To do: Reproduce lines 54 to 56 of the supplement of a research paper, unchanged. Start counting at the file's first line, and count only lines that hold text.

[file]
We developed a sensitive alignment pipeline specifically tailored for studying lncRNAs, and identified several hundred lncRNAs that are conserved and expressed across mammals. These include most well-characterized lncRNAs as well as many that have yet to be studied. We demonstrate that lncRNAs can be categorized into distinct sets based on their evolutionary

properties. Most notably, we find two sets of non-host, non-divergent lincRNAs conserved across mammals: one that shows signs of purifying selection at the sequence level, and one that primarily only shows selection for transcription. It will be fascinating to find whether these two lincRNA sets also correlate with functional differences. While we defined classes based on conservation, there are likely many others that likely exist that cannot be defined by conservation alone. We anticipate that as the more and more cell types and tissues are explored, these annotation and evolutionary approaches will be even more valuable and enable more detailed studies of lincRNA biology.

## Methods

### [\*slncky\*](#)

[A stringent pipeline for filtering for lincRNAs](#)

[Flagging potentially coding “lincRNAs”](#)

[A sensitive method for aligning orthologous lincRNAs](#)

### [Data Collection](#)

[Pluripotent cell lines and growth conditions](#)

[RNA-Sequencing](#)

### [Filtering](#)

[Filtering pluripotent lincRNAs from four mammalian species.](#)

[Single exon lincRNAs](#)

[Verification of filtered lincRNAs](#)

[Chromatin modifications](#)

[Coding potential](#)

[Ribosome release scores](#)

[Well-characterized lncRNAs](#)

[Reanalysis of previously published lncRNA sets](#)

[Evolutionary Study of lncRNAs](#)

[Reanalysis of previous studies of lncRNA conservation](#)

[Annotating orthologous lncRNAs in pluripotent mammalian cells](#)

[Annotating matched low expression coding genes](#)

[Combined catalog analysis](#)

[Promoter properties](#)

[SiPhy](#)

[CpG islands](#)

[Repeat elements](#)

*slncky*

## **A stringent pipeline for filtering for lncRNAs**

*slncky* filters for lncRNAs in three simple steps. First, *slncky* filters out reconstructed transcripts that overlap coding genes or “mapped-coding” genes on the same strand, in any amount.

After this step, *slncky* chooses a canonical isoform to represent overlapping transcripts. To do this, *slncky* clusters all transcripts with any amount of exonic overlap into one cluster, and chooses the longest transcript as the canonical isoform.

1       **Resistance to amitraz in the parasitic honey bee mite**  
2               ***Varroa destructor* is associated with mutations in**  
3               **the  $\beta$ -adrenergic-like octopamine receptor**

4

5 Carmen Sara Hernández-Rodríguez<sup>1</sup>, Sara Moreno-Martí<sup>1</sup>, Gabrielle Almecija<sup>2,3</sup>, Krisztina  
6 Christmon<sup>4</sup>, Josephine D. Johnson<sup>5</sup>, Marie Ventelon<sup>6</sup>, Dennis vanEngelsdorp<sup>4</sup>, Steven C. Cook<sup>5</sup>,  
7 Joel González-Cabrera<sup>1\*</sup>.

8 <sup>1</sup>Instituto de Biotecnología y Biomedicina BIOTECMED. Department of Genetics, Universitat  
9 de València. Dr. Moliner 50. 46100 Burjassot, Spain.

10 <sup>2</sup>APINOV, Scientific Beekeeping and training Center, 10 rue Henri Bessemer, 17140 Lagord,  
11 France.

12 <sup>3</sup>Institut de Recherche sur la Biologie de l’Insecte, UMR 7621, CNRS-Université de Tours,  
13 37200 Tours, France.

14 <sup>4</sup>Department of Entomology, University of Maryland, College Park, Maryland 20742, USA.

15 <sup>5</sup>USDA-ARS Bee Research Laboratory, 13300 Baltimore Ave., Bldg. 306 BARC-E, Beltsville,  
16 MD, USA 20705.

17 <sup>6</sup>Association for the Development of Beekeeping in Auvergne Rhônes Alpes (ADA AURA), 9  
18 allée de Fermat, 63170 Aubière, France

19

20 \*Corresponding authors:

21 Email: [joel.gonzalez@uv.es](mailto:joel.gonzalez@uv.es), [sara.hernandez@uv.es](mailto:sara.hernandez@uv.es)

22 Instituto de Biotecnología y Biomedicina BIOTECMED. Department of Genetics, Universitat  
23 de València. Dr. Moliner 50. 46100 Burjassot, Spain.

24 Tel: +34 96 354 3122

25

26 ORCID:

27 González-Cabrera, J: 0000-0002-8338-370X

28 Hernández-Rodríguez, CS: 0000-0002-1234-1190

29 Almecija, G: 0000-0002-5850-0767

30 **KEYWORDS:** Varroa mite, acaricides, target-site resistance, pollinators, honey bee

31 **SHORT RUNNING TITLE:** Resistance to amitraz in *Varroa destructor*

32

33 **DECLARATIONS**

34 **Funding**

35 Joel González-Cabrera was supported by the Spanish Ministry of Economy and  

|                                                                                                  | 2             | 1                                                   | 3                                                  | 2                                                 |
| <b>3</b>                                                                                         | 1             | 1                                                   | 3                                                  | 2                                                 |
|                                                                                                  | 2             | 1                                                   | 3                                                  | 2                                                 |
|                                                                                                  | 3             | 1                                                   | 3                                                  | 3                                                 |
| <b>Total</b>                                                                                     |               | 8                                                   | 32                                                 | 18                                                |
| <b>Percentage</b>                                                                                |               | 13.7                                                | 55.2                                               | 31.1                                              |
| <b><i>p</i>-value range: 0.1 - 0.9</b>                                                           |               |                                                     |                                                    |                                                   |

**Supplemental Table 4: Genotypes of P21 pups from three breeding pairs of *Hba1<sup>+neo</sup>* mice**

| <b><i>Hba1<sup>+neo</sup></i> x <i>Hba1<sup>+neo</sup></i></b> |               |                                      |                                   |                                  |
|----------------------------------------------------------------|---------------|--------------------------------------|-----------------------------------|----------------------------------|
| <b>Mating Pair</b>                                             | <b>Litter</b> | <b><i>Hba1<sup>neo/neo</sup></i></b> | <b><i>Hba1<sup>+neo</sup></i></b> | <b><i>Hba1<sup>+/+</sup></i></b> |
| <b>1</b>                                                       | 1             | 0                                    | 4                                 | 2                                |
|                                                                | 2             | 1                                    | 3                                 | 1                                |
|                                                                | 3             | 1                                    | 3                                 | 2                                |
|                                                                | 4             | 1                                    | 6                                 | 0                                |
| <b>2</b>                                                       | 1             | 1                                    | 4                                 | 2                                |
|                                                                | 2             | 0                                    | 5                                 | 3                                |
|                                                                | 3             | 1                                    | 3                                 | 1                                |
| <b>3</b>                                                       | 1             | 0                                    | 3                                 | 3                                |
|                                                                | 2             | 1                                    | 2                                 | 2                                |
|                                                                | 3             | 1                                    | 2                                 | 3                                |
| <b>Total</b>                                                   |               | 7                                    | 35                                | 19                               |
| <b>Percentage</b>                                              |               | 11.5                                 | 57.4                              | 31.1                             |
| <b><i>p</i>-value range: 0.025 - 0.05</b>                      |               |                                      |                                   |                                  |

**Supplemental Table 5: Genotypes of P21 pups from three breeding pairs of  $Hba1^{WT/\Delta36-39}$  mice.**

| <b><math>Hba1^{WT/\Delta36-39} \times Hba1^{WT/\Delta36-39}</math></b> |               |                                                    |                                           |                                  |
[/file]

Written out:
22 Instituto de Biotecnología y Biomedicina BIOTECMED. Department of Genetics, Universitat  
23 de València. Dr. Moliner 50. 46100 Burjassot, Spain.

24 Tel: +34 96 354 3122